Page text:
The most prevalent complaints involve older Americans. Under the law, people age 65 and over, who are on Medicare, do not need to buy supplemental coverage. Nonetheless, some marketers are pushing expensive add-on policies by falsely claiming that such coverage is required, state authorities say. Others are telling people that the law means they need new Medicare cards — not true. And still others are charging fees as high as $100 to “help” people navigate the new insurance landscape.

And then there are those who are creating websites that resemble state health care exchanges. Visitors to those websites, with addresses like NewHampshireHealthExchange.com, say they are inundated with pitches from private insurance agents unaffiliated with the government.

Authorities warn that in some cases the come-ons are merely a ruse to get people to divulge sensitive Medicare and banking information. The pitches usually come with a telephone call or knock at the door. Someone claiming to be a government official offers help or warns residents that their Medicare cards are about to expire. Then the hook is set.

To Ms. Mirzayans, 68, the caller sounded so official that she agreed to meet him the next day at her home in Sherman Oaks, Calif. He told her the law meant she would have to update her Medicare card. Ms. Mirzayans, a retired small-business owner, was grateful that the government was taking such interest in her insurance coverage.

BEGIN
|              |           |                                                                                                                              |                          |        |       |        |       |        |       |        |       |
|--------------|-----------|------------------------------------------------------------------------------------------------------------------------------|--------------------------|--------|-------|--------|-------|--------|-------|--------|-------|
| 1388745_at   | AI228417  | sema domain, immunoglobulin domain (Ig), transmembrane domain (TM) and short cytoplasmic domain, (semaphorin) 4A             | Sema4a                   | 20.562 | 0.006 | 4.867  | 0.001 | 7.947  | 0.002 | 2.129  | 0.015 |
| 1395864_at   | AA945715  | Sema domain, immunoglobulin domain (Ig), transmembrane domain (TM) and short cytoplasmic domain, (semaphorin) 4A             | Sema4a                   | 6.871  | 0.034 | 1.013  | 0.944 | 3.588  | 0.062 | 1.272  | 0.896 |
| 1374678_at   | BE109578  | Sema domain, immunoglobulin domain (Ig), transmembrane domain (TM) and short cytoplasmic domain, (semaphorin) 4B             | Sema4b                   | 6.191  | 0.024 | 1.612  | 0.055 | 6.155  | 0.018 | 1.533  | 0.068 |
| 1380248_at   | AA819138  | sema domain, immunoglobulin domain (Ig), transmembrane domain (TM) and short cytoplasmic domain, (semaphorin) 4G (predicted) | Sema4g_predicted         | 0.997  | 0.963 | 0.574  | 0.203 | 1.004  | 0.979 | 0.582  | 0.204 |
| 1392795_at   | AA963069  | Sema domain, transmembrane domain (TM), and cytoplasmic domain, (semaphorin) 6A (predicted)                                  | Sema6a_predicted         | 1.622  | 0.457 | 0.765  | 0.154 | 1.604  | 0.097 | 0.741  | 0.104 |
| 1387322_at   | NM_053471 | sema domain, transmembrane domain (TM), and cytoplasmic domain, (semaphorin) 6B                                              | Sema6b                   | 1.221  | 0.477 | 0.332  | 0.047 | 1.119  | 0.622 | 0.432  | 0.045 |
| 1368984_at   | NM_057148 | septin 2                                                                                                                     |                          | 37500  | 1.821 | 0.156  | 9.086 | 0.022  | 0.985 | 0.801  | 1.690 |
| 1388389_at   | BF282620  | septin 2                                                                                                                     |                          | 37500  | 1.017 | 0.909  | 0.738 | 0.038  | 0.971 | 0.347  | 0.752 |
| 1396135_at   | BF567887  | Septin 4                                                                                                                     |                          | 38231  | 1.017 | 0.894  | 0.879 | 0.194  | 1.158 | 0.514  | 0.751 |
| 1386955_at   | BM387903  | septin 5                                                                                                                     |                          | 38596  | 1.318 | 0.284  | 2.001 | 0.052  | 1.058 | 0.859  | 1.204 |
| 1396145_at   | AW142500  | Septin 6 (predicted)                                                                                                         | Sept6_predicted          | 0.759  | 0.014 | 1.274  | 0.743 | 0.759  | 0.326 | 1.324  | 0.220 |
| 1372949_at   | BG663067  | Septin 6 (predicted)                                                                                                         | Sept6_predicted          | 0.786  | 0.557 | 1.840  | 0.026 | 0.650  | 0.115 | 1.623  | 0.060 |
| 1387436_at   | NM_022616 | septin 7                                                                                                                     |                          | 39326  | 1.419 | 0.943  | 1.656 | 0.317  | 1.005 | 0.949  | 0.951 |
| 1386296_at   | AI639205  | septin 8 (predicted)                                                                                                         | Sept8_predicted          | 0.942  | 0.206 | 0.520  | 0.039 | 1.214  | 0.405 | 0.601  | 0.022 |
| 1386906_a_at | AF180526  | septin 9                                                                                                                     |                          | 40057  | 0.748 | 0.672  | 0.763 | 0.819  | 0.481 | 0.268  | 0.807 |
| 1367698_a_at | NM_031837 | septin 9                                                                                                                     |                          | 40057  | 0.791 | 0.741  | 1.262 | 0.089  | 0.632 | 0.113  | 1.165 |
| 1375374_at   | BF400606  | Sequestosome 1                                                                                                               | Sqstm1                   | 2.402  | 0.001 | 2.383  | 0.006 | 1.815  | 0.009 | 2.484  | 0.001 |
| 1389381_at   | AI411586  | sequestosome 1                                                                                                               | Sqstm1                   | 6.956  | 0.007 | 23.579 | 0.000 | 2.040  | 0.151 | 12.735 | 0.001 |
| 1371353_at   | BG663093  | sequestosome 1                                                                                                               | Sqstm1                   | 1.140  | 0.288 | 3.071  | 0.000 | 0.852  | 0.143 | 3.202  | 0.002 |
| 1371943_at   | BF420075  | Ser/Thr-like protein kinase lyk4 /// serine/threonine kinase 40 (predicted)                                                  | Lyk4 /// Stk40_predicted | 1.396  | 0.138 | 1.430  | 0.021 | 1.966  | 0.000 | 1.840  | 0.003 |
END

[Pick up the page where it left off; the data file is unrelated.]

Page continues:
Over glasses of pomegranate juice last month, Ms. Mirzayans divulged to her visitor crucial Medicare, Social Security and personal information. Only after the man left without giving her a business card did she grow suspicious.

“I just feel so foolish and betrayed,” said Ms. Mirzayans, who reported the incident to state authorities.

She is hardly alone. Across the country, volunteers with Senior Medicare Patrol, a government program that works with older Americans to root out health care fraud, say they have been deluged with calls for assistance. The typical complaints are from retirees who said they had handed over bank account information to callers claiming to be from Medicare.

Anne Gray, a project coordinator in California with the Senior Medicare Patrol, said, “Such calls have doubled in recent months.”

Ms. Miller and Ms. Ethan, both of whom live in California, said they also received calls from people urging them to update their Medicare cards in light of the new law. Neither fell for the ploy.